Thursday, January 31, 2013
Gold Butte is awash with beauty, culture, vegetation and animal life. It is evidence of the shared struggle
between plant, animal and human life for survival in an unforgiving landscape. For those who have
seen the interplay of life and landscape, who have looked deeper into the recesses of the canyons and
histories, come away as a consequence understanding what makes Gold Butte captivating.
I can be to the top of Virgin Mountain drinking fresh cool water seeping from the cracks at the top of the
peak, to a low desert Joshua Tree forest and then on to a basin filled with cedar trees and then, if I am
ambitious and have enough fuel, on down to Lake Mead or the Colorado River. Along the way I can see
petroglyphs, Spanish Aristas, mines, corrals, windmills, sink holes, caves, springs and a variety of wildlife.
With such a variety of history present upon this rugged landscape, are any one of these represented
periods of history and their record upon the landscape more valued than another? The importance of all
the cultural sites entwined upon one landscape composes the complete history of that place. Regardless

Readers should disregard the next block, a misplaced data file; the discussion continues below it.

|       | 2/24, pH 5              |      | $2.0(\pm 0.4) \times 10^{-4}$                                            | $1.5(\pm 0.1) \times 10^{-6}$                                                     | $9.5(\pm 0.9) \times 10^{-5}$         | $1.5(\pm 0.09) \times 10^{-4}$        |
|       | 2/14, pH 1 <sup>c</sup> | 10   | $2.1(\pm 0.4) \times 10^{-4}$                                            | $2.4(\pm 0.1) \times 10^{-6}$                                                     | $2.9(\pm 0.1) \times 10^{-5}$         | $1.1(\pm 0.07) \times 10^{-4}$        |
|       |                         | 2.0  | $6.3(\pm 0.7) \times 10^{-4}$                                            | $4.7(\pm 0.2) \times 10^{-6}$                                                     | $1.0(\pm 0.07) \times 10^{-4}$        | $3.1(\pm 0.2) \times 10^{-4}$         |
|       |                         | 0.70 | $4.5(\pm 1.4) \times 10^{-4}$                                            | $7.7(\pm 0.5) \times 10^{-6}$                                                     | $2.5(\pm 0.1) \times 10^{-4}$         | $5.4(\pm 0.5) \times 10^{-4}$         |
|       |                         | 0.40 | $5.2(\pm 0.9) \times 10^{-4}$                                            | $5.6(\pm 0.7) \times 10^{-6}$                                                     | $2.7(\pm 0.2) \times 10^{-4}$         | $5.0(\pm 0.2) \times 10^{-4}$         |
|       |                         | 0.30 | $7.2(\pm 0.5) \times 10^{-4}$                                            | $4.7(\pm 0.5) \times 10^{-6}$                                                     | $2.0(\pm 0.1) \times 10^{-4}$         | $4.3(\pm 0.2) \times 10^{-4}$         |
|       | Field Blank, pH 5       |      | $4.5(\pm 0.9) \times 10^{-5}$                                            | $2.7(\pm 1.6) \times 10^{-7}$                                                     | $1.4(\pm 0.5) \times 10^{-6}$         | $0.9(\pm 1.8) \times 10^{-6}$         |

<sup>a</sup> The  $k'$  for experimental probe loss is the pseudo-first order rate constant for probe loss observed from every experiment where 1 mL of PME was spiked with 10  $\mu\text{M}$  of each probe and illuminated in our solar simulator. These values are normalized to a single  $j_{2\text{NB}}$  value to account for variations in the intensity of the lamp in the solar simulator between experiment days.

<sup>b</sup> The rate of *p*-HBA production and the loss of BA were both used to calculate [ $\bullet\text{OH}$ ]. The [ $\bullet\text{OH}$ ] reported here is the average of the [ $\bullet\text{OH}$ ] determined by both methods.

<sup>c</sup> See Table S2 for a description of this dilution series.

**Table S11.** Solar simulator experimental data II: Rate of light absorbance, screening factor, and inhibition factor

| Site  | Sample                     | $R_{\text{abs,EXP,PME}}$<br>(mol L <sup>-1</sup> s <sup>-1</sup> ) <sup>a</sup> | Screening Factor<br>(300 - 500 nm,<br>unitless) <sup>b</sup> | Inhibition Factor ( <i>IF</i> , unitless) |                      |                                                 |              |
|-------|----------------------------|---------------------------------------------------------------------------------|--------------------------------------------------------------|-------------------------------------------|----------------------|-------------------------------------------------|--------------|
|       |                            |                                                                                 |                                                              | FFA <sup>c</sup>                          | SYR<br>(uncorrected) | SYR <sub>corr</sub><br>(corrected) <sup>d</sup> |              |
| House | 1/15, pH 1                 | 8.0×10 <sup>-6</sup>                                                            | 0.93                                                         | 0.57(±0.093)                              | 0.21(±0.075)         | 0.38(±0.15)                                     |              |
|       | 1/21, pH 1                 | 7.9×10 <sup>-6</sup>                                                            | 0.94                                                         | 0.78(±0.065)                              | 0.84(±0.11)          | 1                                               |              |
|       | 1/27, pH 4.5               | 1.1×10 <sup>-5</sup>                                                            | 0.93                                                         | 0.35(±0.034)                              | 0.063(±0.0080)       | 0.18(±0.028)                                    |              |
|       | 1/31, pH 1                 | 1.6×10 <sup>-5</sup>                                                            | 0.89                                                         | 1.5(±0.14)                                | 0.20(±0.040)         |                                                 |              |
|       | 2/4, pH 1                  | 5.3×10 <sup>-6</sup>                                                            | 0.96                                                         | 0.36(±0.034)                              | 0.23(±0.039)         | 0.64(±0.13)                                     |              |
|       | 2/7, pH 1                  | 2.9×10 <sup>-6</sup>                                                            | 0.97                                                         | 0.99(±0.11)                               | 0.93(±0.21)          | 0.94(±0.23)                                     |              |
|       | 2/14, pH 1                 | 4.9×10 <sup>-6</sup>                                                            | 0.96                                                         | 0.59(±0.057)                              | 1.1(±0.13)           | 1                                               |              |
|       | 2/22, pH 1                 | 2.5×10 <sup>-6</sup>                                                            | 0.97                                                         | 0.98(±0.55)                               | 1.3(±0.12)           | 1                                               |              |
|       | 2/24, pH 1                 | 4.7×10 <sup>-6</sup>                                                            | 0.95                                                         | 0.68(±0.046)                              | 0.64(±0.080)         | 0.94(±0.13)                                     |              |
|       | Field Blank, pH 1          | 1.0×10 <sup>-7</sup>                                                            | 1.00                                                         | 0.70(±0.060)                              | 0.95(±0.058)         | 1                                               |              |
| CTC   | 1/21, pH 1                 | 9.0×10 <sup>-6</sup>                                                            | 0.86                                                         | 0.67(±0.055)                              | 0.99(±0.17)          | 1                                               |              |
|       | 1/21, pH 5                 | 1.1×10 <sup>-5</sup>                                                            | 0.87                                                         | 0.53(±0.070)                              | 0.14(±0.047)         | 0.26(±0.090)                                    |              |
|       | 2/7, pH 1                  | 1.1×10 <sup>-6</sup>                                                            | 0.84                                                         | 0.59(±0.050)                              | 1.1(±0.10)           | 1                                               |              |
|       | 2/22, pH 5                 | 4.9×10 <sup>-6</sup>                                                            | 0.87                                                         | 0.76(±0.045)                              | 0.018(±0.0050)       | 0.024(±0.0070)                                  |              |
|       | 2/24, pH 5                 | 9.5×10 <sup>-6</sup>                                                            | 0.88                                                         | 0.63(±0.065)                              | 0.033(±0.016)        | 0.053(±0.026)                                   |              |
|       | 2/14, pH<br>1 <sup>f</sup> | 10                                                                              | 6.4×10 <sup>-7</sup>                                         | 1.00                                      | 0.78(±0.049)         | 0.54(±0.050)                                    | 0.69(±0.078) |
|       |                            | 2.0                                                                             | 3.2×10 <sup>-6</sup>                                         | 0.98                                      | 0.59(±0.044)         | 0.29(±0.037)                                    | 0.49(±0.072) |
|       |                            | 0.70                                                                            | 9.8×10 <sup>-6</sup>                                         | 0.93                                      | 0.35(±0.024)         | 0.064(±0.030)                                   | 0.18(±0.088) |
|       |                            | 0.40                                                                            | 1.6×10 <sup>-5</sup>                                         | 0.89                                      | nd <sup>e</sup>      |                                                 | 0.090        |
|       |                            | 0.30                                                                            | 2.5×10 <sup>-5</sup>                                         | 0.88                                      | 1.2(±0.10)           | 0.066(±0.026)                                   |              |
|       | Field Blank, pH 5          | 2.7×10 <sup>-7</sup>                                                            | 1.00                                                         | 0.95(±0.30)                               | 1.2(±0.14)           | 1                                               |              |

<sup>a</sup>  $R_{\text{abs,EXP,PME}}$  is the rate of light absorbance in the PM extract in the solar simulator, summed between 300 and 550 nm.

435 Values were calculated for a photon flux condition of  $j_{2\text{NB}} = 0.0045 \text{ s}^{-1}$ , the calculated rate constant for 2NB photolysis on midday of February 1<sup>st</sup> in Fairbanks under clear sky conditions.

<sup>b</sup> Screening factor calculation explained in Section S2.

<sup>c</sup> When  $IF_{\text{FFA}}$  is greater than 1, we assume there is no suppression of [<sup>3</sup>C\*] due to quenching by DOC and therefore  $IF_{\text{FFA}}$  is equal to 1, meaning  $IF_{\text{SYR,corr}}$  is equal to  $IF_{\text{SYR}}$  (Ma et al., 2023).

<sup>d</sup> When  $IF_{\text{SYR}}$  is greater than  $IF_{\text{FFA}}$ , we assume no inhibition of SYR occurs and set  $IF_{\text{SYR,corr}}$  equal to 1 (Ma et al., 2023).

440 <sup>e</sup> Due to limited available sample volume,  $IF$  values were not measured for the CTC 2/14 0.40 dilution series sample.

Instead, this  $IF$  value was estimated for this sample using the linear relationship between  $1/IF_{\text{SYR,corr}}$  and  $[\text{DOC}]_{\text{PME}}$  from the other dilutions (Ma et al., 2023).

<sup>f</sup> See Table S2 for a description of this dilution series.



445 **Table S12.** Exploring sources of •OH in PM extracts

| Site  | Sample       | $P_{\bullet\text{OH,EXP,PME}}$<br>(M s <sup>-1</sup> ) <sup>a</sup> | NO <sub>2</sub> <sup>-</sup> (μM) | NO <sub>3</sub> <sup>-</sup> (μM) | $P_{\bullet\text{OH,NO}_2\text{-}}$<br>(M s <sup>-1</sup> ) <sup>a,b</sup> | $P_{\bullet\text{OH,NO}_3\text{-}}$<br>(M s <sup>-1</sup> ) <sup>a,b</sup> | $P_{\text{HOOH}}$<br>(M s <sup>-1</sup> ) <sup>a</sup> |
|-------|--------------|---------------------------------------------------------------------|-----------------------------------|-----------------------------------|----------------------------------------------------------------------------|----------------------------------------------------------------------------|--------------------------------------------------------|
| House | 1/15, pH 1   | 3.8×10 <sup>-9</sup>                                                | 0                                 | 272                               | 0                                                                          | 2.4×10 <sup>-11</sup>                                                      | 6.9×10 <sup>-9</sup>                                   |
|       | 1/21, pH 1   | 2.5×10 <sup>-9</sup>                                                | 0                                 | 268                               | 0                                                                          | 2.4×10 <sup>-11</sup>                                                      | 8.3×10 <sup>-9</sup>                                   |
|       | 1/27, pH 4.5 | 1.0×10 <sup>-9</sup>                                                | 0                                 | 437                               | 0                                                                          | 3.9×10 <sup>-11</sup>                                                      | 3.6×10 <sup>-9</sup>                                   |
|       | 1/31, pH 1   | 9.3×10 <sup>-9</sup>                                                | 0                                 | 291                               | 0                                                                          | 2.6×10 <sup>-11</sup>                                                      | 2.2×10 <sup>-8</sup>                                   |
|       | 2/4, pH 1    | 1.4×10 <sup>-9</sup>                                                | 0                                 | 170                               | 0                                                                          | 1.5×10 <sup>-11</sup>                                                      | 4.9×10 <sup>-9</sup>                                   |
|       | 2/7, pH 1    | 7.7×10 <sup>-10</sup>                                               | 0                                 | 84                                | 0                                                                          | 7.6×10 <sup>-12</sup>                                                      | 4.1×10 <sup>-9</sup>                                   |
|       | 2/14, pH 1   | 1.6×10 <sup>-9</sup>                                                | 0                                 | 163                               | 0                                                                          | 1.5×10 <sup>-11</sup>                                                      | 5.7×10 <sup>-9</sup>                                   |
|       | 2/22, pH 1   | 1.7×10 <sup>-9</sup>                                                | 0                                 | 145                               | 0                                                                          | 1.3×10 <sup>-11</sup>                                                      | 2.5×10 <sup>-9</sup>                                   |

of personal favorites and the ranked value you impose on a particular location, the fact remains there is
intrinsic value in a whole history.
Today there is a demanding conformity to which our public lands are being boxed in and packaged to
grease the wheels of bureaucracy. This conformity is pushed ironically by those who eventually will
not tolerate others, who once tolerated them, within a multiple-use landscape. The scope of public
lands management has become to simply label and categorize public lands into a narrow and one
sided picture. This is done at the incalculable cost of neglecting and erasing the few remaining traces of
history and the access to these sites.
With each aspect of public lands that is lost, the dimension of our landscape begins to flatten. Eventually
all we will be left with is a one dimensional image that you literally can only visit by looking through
photographs. There needs to be a wide and tolerant view of what our public lands are, have been and
what we want them to be for the next generation; a vibrant, historically rich landscape which is, in every
sense of the definition, a multiple-use landscape.